Diabetes may hit 1 in 10 adults by 2030

The International Diabetes Federation predicts that one in 10 adults could have diabetes by 2030, according to the latest statistics.
A woman tests her blood sugar level. The International Diabetes Federation estimates that 522 million people will have diabetes by the year 2030. (iStock)

The International Diabetes Federation predicts that at least one in 10 adults could have diabetes by 2030, according to its latest statistics.

In a report issued on Monday, the advocacy group estimated that 552 million people could have diabetes in two decades' time based on factors like aging and demographic changes. Currently, the group says that about one adult in 13 has diabetes. 

Diabetes tool goes online 

A new questionnaire aims to help Canadians understand their risk of developing Type 2 diabetes.

Health Minister Leona Aglukkaq unveiled the questionnaire, called CANRISK, on Monday.

It is aimed at people aged 40 to 74, including those who may have undiagnosed Type 2 diabetes or be pre-diabetic.

About 2 million Canadians have been diagnosed with Type 2 diabetes and many more are unaware that they have the disease. Complications can include blindness, kidney disease and heart disease.

People can change some risk factors for Type 2 diabetes such as their diet, weight and activity levels.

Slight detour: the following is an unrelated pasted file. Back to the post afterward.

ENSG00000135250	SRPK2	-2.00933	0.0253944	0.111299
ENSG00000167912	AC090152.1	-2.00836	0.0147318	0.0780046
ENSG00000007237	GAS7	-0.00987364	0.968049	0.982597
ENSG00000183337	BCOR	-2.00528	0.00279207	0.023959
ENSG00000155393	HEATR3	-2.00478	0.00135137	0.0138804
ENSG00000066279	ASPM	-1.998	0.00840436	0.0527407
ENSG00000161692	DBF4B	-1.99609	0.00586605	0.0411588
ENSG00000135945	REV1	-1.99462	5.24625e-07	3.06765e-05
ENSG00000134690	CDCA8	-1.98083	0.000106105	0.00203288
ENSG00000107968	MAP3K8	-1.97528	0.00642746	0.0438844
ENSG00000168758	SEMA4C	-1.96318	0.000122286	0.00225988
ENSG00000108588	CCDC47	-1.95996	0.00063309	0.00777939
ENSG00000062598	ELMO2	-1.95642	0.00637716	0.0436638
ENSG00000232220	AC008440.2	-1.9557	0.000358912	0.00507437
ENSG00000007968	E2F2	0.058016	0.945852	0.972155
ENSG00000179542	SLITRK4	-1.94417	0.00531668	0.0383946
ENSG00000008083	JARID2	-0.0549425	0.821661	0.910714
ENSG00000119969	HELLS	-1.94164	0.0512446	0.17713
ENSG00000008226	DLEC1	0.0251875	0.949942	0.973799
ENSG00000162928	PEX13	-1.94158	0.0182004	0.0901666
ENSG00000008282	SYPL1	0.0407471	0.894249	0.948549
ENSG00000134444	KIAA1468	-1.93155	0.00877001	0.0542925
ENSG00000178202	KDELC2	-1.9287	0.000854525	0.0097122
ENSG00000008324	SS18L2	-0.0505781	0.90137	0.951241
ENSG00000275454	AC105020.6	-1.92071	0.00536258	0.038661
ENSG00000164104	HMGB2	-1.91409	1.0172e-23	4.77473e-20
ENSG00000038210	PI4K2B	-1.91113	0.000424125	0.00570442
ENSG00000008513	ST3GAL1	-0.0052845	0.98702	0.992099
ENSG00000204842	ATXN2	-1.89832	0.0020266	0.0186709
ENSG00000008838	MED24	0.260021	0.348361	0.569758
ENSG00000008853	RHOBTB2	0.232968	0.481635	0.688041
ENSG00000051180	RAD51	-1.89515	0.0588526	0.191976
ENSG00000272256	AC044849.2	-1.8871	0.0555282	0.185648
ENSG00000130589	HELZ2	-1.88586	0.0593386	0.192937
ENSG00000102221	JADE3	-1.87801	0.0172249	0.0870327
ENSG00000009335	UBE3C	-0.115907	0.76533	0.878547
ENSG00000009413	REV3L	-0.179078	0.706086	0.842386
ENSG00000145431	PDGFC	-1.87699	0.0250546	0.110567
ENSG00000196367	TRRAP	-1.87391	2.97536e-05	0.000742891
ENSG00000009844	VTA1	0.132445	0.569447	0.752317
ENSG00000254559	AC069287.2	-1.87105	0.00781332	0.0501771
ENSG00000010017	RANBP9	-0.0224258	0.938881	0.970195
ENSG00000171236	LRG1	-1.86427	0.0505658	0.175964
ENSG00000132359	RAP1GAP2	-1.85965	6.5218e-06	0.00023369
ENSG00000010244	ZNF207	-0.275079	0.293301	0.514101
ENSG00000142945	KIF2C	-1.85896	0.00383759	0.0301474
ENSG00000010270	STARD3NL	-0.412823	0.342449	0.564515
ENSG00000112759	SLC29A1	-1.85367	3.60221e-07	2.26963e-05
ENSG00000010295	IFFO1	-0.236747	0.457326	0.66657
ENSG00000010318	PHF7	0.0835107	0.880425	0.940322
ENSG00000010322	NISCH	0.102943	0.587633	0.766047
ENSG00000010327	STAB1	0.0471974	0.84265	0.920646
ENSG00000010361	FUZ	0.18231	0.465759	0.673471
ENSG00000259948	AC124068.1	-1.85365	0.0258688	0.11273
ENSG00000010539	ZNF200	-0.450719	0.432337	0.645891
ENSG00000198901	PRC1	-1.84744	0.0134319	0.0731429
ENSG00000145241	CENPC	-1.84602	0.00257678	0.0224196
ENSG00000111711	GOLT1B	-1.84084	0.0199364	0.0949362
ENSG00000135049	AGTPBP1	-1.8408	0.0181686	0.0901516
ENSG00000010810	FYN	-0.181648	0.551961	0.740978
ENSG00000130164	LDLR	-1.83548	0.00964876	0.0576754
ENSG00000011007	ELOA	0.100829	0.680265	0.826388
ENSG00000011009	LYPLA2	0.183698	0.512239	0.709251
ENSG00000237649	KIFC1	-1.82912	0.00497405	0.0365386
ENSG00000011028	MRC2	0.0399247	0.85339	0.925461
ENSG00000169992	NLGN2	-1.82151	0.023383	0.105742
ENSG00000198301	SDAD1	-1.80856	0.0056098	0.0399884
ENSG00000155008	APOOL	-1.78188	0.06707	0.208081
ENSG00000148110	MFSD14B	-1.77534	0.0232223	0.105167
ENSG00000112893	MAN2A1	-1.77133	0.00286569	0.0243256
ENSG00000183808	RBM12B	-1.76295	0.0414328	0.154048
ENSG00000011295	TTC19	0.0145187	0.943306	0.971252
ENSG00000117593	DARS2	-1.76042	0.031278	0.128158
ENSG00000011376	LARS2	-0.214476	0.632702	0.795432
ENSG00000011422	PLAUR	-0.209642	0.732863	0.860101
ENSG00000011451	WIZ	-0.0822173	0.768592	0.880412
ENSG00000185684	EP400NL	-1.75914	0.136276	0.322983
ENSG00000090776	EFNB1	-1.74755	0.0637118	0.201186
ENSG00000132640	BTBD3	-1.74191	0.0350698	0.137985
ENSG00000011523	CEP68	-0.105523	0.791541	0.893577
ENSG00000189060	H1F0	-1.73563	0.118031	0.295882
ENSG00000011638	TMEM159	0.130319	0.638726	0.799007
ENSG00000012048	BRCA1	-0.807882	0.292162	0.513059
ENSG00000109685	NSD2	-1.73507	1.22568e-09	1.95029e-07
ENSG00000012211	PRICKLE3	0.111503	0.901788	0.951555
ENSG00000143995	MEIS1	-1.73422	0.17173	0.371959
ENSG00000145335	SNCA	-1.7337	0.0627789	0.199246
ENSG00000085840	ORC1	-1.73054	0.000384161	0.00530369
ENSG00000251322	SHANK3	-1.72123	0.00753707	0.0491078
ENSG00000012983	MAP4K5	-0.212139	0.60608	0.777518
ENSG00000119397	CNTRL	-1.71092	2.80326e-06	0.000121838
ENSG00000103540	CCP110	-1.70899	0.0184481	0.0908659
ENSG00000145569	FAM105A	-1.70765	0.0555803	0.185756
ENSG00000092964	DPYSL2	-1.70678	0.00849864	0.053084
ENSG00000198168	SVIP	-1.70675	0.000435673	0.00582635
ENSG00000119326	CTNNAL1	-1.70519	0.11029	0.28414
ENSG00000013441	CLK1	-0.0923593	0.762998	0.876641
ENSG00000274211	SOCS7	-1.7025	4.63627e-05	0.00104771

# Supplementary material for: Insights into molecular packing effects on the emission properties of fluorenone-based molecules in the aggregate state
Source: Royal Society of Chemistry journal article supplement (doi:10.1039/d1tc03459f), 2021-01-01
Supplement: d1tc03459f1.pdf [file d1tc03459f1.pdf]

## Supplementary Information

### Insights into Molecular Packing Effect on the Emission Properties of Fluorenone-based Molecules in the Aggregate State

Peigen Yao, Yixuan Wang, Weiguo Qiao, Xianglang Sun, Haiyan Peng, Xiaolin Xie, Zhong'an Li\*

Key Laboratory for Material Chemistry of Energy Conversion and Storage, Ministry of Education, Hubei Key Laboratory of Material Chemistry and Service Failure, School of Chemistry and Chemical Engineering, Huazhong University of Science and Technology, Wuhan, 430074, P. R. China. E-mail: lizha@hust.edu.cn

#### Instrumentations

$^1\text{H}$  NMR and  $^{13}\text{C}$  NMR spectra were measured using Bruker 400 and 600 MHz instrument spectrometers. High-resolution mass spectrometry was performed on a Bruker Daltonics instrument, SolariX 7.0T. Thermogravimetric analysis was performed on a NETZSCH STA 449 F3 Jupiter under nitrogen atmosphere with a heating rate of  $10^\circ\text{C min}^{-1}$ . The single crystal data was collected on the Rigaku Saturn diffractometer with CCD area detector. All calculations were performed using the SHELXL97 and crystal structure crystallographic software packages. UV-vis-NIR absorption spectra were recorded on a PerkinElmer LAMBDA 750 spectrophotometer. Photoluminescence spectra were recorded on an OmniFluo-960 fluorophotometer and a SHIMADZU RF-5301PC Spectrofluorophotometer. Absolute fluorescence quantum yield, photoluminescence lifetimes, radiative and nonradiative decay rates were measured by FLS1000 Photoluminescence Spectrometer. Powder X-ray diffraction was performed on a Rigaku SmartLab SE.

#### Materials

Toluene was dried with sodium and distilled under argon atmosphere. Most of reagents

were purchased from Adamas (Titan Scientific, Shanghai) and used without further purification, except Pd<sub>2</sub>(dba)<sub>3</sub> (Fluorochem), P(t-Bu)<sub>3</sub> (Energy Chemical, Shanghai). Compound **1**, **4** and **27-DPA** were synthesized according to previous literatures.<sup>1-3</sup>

The diabetes risk assessment tool was tested in seven pilot studies across the country before it was launched at Shoppers Drug Mart and Pharmaprix stores.

People may also access it online.

The figure includes both types of diabetes as well as cases that are undiagnosed. The group expects the number of cases to jump by 90 per cent even in Africa, where infectious diseases have previously been the top killer. Without including the impact of increasing obesity, the International Diabetes Federation said its figures were conservative.

According to the World Health Organization, there are about 346 million people worldwide with diabetes, with more than 80 per cent of deaths occurring in developing countries. The agency projects diabetes deaths will double by 2030 and said the International Diabetes Federation's prediction was possible.

"It's a credible figure," said Gojka Roglic, head of WHO's diabetes unit. "But whether or not it's correct, we can't say."

Roglic said the projected future rise in diabetes cases was because of aging rather than the obesity epidemic. Most cases of diabetes are Type 2, the kind that mainly hits people in middle age, and is linked to weight gain and a sedentary lifestyle.

Roglic said a substantial number of future diabetes cases were preventable. "It's worrying because these people will have an illness which is serious, debilitating, and shortens their lives," she said. "But it doesn't have to happen if we take the right interventions."